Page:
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« Reply #23 on: March 11, 2009, 12:04:58 AM »

Great Robo.  This thread changed my whole thought process about starting a new hive.  I have read posts about taking frames and bees making a queen, I will not do that now.  Oh, take multiple frames out with the queen cell.  Thanks.

One more:  Should I wait until she is capped before taking the frame?
 

I would.  Too much can happen to the egg or larvae prior to having the cell capped.  The cap adds a bit of protection, including making sure the cell contents don't get flushed.
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« Reply #24 on: March 11, 2009, 10:24:29 AM »

My opinion is you taking a more risky approach, and unfortunately worst case is you won't know for sure until late in the fall and have a queen fail.I like to think of it as more of an experiment. I can't get a queen until after the flow in S.E., NC and my 2 hives were bursting due to a very warm winter where there was a small flow that got the bees going nuts in Jan. I had to do something.

Are your current conditions ideal for rearing queens?  If it is swarm season in your area, that is a good sign,  but doesn't necessarily mean the particular hive has and abundance of resources.I know there are many things to consider and I hopefully have covered them all. I had three deep boxes-two of which were jammed-w-bees, brood & honey/pollen and the third had some nectar, honey and, in one case, eggs. I plan on keeping a lot of honey in reserve in case I have to combine hives in the fall if there is a failing queen plus we generally get a fair fall flow that adds as well. I do plan on getting into queen rearing next year but it is too late this year-w-too many chores ahead.

Don't get me wrong,  I'm a strong proponent of acclimatized bees and raising your own stock, but it is not as simple as yanking a queen and wa la, they make another one the same.
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« Reply #25 on: May 10, 2009, 10:44:21 AM »

I would.  Too much can happen to the egg or larvae prior to having the cell capped.  The cap adds a bit of protection, including making sure the cell contents don't get flushed.

Additonally you have the full strength collony finish the cell which should make it stronger.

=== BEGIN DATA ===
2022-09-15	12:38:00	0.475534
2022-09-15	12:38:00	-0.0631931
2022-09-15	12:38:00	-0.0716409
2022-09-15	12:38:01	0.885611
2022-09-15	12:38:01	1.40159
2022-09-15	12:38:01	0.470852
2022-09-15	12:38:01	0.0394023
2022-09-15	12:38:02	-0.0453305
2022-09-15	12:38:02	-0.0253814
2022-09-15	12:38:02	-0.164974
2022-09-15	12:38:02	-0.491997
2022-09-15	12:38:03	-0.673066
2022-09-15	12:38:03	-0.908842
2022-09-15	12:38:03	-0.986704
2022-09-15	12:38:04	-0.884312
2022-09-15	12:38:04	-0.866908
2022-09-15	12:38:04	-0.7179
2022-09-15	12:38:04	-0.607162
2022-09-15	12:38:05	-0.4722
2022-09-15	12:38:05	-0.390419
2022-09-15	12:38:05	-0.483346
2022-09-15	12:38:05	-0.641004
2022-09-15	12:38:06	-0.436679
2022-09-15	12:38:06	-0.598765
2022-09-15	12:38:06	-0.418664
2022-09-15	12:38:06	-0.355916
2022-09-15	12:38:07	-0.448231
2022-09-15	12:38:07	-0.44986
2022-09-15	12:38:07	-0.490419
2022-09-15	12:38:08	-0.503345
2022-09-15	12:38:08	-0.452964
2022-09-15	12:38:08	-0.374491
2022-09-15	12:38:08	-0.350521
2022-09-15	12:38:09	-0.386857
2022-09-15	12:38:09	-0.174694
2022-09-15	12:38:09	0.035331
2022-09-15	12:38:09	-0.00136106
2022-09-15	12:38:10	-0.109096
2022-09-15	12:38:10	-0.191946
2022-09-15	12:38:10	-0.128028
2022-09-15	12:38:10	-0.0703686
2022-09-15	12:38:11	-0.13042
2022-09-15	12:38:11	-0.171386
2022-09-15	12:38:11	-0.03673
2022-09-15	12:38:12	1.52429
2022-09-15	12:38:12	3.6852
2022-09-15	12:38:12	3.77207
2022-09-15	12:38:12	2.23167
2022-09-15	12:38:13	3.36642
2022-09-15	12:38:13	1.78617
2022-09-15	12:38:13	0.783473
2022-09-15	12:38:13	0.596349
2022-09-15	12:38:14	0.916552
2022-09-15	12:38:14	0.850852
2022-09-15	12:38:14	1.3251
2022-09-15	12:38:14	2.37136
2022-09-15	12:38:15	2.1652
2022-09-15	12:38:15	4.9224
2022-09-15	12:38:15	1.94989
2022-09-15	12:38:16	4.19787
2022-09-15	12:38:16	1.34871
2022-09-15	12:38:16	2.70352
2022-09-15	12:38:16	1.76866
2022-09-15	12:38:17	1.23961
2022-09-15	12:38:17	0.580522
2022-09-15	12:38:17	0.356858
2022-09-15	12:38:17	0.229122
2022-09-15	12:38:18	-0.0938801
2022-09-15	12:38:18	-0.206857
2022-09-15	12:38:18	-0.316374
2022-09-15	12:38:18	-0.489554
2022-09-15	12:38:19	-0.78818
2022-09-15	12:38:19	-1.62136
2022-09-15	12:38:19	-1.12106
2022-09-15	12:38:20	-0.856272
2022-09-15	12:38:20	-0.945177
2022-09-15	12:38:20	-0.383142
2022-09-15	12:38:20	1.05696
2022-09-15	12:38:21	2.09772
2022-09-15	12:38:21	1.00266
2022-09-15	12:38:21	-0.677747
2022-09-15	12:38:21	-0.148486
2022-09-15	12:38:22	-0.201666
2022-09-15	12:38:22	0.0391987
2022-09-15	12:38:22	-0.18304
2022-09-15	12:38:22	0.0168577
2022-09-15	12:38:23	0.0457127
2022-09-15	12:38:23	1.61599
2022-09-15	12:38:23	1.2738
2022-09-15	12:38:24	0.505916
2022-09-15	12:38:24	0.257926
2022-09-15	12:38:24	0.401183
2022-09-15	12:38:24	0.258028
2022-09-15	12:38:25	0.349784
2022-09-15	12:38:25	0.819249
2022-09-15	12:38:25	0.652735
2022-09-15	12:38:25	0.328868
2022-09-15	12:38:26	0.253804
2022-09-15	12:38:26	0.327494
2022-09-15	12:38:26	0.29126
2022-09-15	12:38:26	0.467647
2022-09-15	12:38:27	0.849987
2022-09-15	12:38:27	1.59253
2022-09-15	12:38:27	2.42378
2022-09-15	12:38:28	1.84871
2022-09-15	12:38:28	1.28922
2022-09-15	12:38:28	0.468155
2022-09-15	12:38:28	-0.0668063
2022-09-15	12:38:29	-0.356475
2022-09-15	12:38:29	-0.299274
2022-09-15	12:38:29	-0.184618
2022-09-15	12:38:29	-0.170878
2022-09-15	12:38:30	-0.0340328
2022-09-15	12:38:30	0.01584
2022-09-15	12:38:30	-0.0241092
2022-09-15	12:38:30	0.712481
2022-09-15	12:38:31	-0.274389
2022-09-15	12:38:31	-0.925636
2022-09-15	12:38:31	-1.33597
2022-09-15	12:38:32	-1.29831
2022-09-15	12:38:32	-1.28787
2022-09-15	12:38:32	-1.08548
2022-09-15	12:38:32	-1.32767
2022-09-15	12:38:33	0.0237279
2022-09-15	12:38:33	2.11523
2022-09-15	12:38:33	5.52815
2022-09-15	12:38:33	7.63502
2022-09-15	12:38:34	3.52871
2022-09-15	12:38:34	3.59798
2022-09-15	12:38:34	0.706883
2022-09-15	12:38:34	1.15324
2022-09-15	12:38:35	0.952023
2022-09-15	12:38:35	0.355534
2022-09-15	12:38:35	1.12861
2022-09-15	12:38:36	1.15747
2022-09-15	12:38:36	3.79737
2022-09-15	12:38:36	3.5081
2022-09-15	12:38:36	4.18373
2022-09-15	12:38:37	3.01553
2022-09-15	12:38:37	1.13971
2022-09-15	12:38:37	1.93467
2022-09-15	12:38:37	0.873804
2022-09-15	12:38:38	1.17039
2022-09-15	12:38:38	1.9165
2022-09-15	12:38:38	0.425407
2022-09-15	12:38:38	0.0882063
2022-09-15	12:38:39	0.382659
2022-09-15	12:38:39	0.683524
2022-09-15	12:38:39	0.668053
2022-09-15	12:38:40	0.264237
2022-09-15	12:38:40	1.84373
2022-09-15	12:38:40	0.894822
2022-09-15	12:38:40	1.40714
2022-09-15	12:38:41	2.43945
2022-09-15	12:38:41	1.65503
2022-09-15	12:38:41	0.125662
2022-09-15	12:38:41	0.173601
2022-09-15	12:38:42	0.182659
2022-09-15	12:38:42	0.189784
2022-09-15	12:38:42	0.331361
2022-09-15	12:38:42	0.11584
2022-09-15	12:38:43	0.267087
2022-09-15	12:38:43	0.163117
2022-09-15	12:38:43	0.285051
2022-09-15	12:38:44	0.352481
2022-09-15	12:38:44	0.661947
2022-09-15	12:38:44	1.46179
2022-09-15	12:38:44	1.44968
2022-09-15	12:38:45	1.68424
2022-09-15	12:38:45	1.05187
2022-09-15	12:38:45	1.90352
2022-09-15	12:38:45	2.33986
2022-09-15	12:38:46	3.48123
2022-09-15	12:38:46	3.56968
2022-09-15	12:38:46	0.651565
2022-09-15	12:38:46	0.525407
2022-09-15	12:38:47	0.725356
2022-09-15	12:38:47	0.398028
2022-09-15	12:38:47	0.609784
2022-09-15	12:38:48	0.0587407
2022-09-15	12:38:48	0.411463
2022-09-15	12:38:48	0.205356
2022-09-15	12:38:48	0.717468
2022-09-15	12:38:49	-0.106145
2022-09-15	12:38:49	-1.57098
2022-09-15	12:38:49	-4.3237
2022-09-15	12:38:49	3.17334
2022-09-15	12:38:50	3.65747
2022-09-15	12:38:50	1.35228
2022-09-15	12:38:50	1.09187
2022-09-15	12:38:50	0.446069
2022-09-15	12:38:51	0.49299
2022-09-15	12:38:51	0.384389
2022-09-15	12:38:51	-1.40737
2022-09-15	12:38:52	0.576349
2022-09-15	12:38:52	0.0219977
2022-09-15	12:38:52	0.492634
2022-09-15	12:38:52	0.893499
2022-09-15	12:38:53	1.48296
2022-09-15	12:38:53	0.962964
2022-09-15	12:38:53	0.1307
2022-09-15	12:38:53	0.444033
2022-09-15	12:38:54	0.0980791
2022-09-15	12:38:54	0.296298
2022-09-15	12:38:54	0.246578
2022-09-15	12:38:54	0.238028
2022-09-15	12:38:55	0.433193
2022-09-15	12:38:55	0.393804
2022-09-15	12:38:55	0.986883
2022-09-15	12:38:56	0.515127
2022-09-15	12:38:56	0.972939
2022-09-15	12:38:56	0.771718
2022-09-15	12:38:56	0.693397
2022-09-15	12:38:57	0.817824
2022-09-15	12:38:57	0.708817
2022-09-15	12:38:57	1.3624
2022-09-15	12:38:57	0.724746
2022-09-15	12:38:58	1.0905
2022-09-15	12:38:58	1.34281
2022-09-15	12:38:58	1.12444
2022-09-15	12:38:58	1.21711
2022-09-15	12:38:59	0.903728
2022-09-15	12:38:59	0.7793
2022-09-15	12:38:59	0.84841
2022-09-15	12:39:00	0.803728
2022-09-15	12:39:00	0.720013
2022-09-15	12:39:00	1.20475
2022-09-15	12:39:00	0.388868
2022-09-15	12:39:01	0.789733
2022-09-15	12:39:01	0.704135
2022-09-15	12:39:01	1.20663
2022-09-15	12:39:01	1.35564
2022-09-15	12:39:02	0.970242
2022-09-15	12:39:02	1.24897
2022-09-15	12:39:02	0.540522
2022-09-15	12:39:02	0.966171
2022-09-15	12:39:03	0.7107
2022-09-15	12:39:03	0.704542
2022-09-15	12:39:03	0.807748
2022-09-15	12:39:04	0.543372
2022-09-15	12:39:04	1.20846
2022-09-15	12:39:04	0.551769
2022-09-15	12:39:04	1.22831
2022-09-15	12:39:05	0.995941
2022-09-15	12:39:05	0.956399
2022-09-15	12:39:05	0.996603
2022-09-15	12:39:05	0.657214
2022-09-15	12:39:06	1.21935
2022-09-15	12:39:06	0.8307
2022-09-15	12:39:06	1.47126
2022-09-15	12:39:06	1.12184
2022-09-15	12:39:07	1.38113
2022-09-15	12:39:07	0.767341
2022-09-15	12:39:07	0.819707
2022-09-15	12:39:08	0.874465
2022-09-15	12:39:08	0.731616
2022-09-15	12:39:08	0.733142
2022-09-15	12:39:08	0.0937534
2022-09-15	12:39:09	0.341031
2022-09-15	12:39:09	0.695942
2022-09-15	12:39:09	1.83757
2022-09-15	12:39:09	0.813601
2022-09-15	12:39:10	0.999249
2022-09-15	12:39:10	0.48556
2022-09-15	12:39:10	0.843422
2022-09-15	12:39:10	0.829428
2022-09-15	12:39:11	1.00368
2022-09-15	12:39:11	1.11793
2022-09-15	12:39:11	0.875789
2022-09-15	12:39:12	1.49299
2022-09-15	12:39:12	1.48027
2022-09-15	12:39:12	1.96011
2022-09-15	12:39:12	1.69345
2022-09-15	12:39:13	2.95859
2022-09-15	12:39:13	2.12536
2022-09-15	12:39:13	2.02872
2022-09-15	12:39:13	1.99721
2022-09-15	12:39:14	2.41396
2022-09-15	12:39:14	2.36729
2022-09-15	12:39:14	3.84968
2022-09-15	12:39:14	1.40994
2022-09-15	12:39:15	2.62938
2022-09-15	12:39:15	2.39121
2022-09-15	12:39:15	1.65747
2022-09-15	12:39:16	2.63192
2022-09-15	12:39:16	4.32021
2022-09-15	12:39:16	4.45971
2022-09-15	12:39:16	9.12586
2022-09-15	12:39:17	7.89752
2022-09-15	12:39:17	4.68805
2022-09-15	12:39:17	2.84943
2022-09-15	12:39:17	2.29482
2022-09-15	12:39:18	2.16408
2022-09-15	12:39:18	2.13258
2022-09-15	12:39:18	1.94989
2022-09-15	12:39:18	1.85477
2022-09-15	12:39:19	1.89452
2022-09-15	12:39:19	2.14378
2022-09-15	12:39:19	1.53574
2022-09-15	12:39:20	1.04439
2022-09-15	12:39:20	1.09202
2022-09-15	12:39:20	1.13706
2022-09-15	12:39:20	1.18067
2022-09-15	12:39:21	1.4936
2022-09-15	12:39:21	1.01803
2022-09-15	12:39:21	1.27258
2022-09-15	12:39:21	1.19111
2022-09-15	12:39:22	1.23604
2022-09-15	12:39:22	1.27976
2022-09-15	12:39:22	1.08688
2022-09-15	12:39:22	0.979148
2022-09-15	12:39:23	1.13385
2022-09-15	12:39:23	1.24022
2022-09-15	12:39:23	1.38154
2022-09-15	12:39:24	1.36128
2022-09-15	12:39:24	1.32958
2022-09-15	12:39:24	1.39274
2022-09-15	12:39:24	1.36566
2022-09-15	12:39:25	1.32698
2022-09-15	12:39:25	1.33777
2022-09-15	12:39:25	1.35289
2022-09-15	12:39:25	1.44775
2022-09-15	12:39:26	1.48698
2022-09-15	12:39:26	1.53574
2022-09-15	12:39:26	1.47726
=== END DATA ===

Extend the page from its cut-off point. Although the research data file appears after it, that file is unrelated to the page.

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« Reply #26 on: May 23, 2009, 09:03:20 PM »

hi, new beekeeper with a question on queening. had a hive swarmed on 4-4-09 and didn't have a queen with it. when i check it 2 weeks later and found out,got a queen and a week after i put the queen in found brood in the frame and the next week had capped brood  and everthing was o.k.
on the may 4 got another swarm from one of my hives and had no trouble to box them and two(2) days later got another swarm also had no trouble to box them, but after seven (7) days no queens in eather hive. had to beg to get some queens and when they came in put them in the same day, but after 5 days when l checked the queens was not there no larval eather. what happened? ordered more queens, put them in when i got them a week ago yesterday and when i checked this morning, sat., and no queen and no brood. anyone have an idea? the hive has plenty of honey and form for the queen to lay but nothing has happened
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« Reply #27 on: May 24, 2009, 08:11:35 AM »

rjsittig, my thoughts. If both swarms stayed in the boxes, they either have, or think they have a queen. Swarms won't usually stay without a queen. If one was an afterswarm from the same hive as the first swarm, she probably wasn't mated yet. In either case, if they think they have a queen, they will usually kill any introduced queen.
 They aren't Russians by any chance are they? It may help you to remember this next March and get a swarm prevention plan going also.
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« Reply #28 on: May 25, 2009, 03:06:41 AM »

no rast, they were not russians. this was the first time i had a hive to swarm and wasn't looking for one so soon. the other swarm were early also from what i had read about. this year is a learning year for me. well i will try to look again for tha queens today(monday). the swarms did stay in the hive everytime i got one and started to fix the frames up and start making honey. the first swarm has already filled the second super and also fillled a shallow super with honey. today i will harvest that box and replace with another box also have two other boxes filled with honey and will work today. thank you and will look harder for the queens.
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« Reply #29 on: May 25, 2009, 10:42:36 AM »

I think the riskiest approach is to buy a queen from a large breeder in the South or California that has been propped up with antibiotics and treatments and expect her to do will in the North, especially if you want to use no treatments.

http://www.bushfarms.com/beesqueenrearing.htm#quality